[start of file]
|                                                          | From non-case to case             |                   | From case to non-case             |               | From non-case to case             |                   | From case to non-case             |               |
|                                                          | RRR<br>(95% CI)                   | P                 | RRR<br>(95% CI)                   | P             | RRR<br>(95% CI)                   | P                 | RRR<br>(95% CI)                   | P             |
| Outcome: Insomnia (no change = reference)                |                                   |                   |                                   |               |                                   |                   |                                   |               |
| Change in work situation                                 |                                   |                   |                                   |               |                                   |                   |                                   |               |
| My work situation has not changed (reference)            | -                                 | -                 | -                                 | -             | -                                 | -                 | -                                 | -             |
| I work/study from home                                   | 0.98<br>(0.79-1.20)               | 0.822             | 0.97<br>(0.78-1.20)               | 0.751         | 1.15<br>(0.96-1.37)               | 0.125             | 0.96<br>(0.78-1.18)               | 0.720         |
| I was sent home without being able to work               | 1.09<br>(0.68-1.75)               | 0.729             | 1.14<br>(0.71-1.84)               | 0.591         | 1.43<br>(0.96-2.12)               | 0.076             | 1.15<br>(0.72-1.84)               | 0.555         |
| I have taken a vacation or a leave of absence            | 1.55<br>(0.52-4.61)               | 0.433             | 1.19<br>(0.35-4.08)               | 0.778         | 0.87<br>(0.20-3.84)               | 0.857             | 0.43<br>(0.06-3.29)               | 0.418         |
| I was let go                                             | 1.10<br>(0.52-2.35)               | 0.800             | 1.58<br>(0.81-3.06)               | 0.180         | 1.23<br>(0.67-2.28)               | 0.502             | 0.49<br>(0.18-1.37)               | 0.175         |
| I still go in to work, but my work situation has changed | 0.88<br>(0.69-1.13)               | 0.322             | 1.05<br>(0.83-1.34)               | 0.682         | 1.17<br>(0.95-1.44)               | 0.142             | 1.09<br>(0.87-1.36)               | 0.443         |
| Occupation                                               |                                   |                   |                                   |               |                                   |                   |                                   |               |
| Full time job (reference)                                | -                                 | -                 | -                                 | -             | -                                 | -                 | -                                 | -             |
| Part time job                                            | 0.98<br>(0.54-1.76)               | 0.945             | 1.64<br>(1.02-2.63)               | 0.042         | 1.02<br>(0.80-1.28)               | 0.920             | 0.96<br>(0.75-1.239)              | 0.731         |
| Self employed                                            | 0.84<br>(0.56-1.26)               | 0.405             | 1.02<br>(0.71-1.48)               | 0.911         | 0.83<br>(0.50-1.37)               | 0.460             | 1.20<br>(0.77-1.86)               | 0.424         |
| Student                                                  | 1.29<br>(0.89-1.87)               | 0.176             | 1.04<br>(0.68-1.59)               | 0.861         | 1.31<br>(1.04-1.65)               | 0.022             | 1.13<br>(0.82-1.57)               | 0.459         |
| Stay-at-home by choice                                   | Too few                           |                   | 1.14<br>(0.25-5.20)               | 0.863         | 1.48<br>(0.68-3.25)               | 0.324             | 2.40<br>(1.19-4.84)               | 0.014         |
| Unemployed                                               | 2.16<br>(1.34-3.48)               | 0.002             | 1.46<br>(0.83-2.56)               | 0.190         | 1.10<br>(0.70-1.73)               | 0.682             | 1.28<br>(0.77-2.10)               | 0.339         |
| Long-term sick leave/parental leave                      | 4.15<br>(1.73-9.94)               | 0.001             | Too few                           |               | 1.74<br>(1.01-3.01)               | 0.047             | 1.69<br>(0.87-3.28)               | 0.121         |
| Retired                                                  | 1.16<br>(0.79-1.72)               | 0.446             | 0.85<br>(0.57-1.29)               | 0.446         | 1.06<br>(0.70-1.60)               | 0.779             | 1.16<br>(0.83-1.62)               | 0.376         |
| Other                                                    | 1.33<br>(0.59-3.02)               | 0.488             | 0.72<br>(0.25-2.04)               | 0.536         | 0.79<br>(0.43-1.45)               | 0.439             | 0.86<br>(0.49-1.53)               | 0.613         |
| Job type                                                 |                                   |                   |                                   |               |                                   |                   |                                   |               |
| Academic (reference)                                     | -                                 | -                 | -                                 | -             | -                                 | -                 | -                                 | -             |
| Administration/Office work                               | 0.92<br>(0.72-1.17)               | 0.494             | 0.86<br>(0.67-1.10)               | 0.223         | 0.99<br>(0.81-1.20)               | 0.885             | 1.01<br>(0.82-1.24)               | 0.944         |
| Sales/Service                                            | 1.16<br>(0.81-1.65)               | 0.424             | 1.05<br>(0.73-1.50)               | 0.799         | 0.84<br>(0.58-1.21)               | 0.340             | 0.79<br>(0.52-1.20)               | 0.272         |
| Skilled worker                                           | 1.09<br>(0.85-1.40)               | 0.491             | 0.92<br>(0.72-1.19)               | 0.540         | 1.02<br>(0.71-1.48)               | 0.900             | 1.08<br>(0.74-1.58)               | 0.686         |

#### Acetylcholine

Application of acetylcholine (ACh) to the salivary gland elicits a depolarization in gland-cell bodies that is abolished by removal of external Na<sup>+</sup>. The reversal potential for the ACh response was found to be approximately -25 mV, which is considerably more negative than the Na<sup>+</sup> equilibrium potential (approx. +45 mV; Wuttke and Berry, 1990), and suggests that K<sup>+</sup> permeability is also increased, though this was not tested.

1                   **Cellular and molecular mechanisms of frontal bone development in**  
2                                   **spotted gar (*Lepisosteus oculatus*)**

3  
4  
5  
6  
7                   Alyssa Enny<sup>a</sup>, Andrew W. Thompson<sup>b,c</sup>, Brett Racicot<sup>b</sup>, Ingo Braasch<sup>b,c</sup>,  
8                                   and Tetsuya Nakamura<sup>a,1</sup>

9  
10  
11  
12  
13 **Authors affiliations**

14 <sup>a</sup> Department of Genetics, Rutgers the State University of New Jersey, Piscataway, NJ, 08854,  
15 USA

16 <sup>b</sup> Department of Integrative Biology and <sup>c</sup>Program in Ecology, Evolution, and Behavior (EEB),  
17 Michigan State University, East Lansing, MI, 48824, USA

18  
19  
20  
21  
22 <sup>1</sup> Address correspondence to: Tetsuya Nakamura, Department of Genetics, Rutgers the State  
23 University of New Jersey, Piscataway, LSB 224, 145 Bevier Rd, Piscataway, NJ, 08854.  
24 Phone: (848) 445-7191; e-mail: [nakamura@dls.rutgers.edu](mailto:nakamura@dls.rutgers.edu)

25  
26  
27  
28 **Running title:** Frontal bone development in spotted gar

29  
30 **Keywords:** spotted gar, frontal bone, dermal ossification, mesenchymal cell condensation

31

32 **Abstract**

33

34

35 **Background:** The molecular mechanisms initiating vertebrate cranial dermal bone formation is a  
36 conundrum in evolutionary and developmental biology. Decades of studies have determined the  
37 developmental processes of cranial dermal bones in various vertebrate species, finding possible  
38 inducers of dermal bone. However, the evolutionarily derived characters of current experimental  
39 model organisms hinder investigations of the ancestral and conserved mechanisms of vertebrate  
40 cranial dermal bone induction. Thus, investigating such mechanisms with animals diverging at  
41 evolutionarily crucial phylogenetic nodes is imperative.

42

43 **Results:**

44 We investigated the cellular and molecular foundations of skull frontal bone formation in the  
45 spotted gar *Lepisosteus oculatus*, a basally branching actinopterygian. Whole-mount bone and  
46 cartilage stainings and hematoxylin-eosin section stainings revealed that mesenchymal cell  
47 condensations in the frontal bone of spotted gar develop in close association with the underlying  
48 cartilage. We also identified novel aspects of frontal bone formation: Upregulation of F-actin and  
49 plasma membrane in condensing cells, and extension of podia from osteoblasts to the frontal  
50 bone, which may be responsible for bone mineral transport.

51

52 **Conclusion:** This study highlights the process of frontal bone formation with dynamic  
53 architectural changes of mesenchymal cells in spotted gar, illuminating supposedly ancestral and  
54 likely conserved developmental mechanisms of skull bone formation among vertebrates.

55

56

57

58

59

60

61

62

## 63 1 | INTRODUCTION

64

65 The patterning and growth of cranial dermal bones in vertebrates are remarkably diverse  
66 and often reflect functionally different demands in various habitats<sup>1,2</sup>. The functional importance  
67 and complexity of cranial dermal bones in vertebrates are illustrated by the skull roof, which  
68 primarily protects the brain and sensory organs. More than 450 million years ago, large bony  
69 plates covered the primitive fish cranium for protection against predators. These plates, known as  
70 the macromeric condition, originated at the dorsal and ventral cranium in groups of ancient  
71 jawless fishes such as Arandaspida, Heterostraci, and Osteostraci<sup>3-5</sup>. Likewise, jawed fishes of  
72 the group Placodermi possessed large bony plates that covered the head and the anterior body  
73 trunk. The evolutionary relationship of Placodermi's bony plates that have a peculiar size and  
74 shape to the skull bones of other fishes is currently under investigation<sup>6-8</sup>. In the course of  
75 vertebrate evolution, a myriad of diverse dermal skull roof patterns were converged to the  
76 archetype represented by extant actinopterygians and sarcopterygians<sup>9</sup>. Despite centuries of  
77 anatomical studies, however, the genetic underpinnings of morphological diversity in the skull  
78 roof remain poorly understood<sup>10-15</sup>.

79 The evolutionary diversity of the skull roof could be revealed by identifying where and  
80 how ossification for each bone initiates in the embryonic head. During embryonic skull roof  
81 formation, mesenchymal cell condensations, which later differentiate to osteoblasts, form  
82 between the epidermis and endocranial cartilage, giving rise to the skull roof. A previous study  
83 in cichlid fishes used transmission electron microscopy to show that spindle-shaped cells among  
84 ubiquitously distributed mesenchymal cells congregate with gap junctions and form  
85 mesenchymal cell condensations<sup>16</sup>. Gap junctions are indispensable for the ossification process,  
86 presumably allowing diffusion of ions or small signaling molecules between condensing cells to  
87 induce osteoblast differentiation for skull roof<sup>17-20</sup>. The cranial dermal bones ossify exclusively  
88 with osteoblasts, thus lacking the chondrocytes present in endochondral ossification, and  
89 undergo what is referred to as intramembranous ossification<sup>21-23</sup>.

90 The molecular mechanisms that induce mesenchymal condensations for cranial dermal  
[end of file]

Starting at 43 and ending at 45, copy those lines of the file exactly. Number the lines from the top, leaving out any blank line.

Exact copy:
16 <sup>b</sup> Department of Integrative Biology and <sup>c</sup>Program in Ecology, Evolution, and Behavior (EEB),  
17 Michigan State University, East Lansing, MI, 48824, USA

18  